Via NREL Newswire

The kids are back in school in post-Katrina New Orleans, and there's light at the end of the classroom.

Five years after Katrina flushed water through the failed floodwalls, destroying homes, damaging classrooms and dashing dreams, the opportunity to build green schools that save millions of dollars on energy bills is just within reach for the school districts that serve New Orleans.Hurricane Katrina knocked out dozens of schools along with thousands of homes, and for quite a while the mission was just to keep education alive and the three Rs solvent. But now, with the help of federal disaster dollars, the school district has launched an ambitious goal to build 40 new schools and renovate 38 others that are at least 30 percent more energy efficient than required by code.


The U.S. Department of Energy's National Renewable Energy Laboratory helped stitch together a blueprint for what the new and renovated schools should become. Now that the first of the new schools have opened, NREL will monitor some schools to illustrate what works well and what opportunities were missed, helping the districts to push new school design teams toward ever more efficient designs.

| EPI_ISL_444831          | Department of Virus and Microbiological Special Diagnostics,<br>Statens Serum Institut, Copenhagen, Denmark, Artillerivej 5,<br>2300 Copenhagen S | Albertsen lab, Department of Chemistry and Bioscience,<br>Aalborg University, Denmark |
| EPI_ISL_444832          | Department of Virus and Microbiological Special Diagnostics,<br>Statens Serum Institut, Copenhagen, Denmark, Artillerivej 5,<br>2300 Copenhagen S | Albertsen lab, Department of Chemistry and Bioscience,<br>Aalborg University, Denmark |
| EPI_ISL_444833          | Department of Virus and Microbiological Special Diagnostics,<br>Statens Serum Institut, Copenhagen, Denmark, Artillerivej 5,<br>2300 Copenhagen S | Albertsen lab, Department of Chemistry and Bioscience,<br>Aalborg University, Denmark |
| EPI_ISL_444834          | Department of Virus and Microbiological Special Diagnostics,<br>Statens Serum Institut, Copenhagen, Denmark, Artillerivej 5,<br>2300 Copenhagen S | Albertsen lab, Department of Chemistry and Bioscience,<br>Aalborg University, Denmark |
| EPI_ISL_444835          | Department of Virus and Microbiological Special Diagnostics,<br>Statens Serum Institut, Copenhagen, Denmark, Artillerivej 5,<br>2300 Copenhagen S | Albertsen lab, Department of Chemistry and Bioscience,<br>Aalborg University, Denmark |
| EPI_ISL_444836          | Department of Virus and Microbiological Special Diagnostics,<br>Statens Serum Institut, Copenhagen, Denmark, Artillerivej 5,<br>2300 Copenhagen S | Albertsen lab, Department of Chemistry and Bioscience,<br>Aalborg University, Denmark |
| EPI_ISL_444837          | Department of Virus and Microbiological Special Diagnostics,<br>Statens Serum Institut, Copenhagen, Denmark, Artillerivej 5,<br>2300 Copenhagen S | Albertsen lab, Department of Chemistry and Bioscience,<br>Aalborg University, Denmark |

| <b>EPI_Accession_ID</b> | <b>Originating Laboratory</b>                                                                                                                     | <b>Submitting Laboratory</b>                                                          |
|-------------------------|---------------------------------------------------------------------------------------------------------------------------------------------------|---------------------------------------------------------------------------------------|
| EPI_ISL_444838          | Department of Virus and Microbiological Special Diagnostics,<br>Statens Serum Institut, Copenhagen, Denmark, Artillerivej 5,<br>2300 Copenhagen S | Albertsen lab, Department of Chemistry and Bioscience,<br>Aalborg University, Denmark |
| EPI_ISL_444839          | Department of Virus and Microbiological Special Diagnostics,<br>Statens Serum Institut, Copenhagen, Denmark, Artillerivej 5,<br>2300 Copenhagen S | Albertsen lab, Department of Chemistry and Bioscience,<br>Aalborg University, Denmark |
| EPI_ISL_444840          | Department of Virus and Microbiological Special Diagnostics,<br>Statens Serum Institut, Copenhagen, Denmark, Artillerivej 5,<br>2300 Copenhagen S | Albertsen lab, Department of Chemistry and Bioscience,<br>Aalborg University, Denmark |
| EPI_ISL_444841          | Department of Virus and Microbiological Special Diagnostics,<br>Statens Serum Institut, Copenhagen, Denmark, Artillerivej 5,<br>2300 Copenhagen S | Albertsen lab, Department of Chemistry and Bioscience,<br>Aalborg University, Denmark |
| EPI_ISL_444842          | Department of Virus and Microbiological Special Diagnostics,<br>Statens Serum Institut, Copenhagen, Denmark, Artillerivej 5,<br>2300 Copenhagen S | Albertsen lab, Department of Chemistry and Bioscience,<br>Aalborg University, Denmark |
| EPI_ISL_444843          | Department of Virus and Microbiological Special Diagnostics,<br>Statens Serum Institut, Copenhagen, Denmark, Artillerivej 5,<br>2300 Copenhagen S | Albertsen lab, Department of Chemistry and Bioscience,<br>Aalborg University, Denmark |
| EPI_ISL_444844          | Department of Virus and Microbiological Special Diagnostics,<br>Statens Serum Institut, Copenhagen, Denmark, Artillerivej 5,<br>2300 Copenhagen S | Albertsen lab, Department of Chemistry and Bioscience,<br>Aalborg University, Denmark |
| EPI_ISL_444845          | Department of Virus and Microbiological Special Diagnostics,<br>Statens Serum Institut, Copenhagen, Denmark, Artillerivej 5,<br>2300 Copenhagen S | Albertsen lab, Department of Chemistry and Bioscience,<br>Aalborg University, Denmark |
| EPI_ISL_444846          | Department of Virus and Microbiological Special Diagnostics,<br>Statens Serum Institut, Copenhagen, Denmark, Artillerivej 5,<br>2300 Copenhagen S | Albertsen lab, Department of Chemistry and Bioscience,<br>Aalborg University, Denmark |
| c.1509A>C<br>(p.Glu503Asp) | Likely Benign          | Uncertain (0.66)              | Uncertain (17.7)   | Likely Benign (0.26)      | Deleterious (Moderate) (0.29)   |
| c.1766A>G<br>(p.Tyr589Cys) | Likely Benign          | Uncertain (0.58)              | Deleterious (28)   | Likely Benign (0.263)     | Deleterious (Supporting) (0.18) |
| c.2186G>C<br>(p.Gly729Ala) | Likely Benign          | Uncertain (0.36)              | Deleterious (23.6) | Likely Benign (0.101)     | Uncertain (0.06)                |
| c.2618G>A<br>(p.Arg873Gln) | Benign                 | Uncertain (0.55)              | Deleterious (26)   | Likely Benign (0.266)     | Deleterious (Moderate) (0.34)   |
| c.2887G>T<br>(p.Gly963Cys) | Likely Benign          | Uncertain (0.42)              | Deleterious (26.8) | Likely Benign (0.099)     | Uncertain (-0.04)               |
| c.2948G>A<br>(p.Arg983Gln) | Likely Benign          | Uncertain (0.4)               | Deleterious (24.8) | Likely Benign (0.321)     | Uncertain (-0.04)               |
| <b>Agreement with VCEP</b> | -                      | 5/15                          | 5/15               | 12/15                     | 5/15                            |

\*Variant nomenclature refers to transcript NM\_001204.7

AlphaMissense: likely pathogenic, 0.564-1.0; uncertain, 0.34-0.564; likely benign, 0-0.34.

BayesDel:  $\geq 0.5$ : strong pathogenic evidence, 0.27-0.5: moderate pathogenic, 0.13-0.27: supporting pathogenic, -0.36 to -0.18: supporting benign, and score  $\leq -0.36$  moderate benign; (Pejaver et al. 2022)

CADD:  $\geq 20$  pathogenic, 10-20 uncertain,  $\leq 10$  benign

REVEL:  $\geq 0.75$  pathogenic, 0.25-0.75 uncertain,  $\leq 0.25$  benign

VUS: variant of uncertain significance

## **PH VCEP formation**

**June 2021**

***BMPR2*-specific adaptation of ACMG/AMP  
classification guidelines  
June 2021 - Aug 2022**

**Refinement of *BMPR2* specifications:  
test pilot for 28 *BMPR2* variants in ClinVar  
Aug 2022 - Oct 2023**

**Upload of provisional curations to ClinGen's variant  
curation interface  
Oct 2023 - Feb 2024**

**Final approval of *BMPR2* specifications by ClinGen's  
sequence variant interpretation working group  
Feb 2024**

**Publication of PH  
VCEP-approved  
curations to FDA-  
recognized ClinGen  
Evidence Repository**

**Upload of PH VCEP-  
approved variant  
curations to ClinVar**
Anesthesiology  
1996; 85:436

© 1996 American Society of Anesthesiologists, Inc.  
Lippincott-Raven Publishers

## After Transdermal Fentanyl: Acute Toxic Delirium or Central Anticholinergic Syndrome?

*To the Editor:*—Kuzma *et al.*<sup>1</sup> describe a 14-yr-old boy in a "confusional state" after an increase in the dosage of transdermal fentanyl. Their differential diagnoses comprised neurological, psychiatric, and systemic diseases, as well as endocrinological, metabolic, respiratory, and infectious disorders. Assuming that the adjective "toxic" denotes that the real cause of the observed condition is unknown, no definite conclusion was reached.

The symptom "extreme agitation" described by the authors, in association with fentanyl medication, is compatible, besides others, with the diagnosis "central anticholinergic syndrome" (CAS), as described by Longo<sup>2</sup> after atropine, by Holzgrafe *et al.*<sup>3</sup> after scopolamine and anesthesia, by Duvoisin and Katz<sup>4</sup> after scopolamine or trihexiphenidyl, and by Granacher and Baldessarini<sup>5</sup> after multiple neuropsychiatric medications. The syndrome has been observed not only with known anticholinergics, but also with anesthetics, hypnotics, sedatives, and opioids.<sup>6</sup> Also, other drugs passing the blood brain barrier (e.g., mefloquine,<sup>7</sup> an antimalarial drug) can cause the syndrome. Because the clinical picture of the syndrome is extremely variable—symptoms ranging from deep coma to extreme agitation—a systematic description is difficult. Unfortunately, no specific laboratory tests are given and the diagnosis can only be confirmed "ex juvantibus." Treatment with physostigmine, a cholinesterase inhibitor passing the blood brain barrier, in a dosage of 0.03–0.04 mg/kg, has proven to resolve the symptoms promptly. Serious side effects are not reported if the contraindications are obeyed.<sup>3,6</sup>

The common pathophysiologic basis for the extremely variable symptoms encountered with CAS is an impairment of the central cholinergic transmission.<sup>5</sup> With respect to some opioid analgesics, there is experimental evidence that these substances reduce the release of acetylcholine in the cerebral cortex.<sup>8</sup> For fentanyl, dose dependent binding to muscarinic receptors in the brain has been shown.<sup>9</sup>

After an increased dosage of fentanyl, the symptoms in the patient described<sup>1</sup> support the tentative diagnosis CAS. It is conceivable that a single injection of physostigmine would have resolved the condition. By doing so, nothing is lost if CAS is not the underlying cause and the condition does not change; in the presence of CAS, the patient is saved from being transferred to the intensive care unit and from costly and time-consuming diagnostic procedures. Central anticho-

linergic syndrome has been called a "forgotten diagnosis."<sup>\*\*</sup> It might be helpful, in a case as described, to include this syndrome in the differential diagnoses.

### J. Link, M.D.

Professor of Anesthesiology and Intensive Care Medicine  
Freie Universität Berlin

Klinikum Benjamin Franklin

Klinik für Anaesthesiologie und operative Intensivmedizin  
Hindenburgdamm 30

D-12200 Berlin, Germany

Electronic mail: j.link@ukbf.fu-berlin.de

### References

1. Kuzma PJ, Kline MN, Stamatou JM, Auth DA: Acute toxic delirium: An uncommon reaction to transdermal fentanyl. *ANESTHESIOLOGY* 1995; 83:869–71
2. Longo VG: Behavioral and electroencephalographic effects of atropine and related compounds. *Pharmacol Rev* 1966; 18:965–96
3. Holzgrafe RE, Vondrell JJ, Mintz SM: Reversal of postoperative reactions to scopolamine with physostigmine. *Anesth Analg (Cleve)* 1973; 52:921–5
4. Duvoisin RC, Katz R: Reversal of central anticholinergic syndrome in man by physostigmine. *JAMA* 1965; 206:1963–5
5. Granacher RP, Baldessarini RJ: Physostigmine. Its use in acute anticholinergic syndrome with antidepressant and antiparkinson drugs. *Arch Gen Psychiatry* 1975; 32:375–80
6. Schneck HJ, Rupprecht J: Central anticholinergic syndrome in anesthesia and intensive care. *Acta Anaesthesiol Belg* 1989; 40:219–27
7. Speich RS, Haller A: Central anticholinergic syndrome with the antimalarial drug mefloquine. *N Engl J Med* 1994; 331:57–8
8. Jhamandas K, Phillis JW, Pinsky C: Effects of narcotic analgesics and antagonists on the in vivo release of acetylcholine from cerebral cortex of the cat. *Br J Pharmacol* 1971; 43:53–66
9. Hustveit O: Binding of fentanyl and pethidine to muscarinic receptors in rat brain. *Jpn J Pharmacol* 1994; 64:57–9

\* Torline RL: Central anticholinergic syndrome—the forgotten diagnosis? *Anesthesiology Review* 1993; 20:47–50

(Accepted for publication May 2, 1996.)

Things are looking up in New Orleans, which has launched school reform, attracting teacher talent. But even before Katrina, many of the buildings were ramshackle. The 38 schools that require major renovation include those damaged by hurricanes Katrina and Rita, but also many that simply suffered from years of neglect.


New Orleans is humid and often hot, but problems arise at times when temperatures are moderate and humidity remains high. The air that enters the halls and classrooms has to be dried out before it is distributed to the space, compounding the challenge to bring energy efficiency to schools there.


Several studies have shown that students perform better on standardized tests when their classrooms are daylit and the air is comfortable. For example, the Heschong Mahone Daylighting Study found a dramatic correlation between daylit school environments and student performance, including 20 percent faster progression in math and 26 percent faster progression in reading. The Greening America's Schools summary report found an average of a 38.5 percent reduction in asthma in schools with improved indoor air quality.  In addition to energy costs, studies such as these were considered when the district set the goal of LEED Silver for their new school buildings.